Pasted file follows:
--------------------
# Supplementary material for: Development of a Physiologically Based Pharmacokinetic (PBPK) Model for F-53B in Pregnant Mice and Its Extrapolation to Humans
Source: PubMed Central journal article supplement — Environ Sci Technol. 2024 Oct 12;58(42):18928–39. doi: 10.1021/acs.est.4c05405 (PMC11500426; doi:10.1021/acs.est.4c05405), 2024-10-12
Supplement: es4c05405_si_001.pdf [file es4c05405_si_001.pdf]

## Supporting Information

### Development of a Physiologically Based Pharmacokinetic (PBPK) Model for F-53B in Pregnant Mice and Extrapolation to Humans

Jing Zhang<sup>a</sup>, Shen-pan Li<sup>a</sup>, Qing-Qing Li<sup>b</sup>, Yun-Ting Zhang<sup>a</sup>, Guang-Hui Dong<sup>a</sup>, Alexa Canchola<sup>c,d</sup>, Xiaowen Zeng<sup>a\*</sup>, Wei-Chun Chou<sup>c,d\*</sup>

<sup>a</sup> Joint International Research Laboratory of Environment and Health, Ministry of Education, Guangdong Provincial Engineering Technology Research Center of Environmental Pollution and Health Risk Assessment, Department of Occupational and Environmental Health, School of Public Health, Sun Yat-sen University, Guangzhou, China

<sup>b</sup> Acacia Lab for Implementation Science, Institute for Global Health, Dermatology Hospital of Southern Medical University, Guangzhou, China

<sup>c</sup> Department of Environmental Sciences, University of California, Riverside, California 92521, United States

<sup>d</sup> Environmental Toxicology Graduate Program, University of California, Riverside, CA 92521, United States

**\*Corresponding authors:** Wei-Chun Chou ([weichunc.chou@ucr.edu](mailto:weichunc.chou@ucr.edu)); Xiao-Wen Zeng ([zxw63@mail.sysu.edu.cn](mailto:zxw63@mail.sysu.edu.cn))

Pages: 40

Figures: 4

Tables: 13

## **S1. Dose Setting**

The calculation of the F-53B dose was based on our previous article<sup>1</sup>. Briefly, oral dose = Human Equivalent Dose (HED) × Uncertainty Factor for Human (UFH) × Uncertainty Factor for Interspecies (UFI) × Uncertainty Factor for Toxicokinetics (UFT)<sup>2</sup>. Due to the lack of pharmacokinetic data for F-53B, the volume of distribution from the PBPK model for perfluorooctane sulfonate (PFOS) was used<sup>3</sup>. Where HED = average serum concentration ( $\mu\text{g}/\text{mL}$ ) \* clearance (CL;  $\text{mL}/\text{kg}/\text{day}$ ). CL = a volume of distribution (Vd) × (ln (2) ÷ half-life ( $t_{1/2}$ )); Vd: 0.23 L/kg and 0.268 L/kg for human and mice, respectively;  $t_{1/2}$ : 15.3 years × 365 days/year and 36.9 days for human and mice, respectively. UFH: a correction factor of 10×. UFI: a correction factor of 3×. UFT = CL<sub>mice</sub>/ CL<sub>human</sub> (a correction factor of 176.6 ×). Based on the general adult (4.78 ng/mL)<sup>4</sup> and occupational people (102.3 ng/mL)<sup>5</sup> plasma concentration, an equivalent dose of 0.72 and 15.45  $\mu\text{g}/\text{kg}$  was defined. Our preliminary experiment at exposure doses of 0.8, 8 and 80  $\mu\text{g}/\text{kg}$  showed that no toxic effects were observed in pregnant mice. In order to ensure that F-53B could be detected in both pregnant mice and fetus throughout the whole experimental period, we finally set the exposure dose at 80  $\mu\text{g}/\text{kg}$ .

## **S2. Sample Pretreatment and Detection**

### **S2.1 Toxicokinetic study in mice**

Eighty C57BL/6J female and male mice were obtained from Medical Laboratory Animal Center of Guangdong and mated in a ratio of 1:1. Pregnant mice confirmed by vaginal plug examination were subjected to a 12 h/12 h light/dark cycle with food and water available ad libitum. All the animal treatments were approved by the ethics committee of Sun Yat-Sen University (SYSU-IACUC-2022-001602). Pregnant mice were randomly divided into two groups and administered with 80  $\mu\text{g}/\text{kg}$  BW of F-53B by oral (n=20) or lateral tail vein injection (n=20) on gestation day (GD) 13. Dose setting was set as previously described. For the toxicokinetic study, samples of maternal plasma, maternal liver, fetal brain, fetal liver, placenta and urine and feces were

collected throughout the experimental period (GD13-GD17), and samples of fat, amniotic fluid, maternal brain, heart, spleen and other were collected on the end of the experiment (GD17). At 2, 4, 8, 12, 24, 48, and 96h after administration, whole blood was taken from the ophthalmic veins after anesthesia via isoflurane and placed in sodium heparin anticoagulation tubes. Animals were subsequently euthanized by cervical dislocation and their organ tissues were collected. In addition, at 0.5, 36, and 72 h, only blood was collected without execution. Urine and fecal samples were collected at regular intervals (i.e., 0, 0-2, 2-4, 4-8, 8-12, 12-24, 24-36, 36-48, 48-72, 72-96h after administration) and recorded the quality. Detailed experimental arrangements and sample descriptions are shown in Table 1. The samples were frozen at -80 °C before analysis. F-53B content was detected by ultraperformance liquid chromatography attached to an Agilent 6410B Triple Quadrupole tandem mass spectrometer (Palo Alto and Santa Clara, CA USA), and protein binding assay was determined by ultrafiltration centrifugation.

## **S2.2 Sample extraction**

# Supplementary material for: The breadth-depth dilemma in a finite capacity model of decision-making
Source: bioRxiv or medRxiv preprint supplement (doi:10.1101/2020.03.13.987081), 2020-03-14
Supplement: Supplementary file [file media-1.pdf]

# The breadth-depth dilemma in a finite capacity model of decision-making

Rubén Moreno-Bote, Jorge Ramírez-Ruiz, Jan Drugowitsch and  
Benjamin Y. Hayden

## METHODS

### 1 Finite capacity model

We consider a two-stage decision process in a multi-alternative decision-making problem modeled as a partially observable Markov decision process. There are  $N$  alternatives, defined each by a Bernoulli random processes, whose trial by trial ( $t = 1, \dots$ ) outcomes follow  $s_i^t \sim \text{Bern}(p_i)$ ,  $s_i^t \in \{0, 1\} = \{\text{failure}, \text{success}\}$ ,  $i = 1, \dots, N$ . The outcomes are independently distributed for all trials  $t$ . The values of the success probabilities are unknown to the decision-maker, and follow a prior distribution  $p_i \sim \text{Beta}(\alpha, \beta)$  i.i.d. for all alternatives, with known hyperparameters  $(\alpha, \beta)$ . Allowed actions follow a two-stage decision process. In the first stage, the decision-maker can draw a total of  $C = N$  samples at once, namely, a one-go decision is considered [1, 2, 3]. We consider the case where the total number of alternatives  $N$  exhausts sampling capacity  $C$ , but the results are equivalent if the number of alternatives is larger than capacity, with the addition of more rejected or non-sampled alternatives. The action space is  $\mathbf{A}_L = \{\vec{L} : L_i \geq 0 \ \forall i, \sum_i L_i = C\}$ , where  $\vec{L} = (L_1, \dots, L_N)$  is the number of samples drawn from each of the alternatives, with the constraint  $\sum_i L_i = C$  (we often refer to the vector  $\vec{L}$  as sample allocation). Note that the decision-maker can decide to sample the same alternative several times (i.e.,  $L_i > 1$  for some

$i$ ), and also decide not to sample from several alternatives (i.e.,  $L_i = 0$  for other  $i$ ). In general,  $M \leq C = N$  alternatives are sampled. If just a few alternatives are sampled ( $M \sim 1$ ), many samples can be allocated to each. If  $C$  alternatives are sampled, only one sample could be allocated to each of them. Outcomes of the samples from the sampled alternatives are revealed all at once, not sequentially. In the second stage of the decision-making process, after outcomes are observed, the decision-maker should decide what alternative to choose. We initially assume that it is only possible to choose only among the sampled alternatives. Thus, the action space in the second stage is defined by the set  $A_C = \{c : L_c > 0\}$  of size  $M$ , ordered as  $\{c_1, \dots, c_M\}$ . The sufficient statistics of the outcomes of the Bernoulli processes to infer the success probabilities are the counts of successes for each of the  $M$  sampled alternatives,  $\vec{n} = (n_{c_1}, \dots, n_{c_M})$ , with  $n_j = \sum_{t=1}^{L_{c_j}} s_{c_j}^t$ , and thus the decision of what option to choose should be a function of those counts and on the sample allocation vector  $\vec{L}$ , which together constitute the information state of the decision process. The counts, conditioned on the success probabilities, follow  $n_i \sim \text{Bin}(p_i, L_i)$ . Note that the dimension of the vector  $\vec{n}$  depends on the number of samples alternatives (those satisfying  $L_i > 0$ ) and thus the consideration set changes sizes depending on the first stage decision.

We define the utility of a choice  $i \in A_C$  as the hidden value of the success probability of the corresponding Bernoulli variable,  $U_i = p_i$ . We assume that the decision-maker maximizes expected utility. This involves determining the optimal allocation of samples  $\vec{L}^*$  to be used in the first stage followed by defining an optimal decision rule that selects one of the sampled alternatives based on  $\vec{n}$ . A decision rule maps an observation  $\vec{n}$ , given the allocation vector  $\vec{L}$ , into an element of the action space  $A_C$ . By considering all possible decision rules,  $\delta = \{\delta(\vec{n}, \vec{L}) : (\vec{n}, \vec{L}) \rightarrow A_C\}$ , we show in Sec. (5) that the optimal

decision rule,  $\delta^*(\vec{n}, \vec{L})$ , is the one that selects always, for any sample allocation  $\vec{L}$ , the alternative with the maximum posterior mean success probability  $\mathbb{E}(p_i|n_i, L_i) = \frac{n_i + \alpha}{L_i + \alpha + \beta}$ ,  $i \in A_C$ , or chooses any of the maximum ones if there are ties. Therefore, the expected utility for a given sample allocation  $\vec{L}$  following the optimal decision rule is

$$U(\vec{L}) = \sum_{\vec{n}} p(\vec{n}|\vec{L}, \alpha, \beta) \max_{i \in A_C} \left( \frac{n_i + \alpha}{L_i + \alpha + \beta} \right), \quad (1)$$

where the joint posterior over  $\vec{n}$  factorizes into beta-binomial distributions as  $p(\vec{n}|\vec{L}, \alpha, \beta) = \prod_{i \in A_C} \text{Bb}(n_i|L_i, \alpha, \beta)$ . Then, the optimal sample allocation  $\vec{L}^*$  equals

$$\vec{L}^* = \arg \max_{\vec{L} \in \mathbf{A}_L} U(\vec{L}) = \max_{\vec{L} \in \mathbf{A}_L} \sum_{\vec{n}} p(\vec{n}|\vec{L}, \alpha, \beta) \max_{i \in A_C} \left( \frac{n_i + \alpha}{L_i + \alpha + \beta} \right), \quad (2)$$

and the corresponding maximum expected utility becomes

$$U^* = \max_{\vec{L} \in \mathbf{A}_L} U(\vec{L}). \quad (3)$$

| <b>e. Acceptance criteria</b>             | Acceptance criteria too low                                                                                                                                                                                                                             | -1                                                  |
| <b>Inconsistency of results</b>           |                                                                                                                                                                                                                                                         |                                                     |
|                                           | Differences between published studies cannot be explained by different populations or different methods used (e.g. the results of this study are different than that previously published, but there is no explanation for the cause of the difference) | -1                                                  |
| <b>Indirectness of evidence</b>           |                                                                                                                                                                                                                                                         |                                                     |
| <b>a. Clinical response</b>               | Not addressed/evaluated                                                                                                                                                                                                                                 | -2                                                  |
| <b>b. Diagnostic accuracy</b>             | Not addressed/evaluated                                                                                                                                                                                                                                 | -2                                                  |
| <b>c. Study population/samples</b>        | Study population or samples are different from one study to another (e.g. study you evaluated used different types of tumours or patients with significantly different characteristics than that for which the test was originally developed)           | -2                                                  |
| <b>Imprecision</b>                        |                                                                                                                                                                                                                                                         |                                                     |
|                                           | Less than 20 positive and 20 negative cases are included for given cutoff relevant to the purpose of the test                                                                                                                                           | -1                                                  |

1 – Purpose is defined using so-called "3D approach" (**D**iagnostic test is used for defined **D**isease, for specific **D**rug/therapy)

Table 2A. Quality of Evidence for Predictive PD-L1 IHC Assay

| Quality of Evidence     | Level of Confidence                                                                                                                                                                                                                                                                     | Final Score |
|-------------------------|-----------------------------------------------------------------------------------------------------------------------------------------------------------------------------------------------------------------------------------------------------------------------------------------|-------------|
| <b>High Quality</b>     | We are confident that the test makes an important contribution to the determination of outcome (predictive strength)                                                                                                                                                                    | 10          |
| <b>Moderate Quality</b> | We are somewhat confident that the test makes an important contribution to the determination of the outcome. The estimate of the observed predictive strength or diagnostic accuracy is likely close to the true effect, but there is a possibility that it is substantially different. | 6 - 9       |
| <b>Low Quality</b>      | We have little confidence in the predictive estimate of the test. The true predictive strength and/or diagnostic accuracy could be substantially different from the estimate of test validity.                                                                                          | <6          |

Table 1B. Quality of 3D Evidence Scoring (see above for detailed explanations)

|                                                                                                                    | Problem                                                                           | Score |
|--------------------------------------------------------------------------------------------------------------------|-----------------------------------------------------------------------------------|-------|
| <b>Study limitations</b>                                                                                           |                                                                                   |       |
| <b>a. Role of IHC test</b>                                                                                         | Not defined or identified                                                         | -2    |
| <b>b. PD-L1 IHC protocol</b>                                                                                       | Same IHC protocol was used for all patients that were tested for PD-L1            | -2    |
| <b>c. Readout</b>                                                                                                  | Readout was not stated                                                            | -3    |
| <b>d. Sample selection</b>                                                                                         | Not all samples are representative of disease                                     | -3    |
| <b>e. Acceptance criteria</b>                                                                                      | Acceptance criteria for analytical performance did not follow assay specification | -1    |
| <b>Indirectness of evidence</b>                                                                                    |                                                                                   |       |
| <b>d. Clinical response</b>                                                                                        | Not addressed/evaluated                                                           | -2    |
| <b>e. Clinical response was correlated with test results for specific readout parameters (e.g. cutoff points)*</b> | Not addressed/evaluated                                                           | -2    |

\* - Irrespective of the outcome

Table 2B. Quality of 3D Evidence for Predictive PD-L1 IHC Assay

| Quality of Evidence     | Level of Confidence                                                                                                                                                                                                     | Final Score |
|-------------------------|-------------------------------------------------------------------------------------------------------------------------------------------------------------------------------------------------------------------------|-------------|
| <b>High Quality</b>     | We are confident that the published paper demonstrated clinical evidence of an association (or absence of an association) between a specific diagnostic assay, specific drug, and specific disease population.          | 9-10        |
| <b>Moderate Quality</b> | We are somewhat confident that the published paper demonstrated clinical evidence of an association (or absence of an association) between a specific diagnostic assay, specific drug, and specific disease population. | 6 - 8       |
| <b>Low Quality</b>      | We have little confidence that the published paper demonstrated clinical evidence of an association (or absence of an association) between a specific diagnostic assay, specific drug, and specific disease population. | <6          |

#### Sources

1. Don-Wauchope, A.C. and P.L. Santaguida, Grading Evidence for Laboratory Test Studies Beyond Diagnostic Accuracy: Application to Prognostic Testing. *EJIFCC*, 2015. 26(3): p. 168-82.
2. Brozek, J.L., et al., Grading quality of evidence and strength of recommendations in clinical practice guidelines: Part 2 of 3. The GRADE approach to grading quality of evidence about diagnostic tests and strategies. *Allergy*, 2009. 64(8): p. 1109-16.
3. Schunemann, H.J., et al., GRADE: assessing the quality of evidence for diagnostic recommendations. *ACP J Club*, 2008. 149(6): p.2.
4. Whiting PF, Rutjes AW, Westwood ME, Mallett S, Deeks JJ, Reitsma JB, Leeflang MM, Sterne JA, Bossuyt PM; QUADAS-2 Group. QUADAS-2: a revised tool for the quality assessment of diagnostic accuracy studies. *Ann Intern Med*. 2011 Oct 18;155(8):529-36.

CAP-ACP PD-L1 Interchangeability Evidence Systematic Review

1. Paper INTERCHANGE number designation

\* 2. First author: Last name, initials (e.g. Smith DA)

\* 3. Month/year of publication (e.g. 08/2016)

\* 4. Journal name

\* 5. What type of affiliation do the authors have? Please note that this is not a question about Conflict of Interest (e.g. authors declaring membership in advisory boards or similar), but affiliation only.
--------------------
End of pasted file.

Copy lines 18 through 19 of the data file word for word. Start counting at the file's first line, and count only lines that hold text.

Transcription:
### **S2.1 Toxicokinetic study in mice**

Eighty C57BL/6J female and male mice were obtained from Medical Laboratory Animal Center of Guangdong and mated in a ratio of 1:1. Pregnant mice confirmed by vaginal plug examination were subjected to a 12 h/12 h light/dark cycle with food and water available ad libitum. All the animal treatments were approved by the ethics committee of Sun Yat-Sen University (SYSU-IACUC-2022-001602). Pregnant mice were randomly divided into two groups and administered with 80  $\mu\text{g}/\text{kg}$  BW of F-53B by oral (n=20) or lateral tail vein injection (n=20) on gestation day (GD) 13. Dose setting was set as previously described. For the toxicokinetic study, samples of maternal plasma, maternal liver, fetal brain, fetal liver, placenta and urine and feces were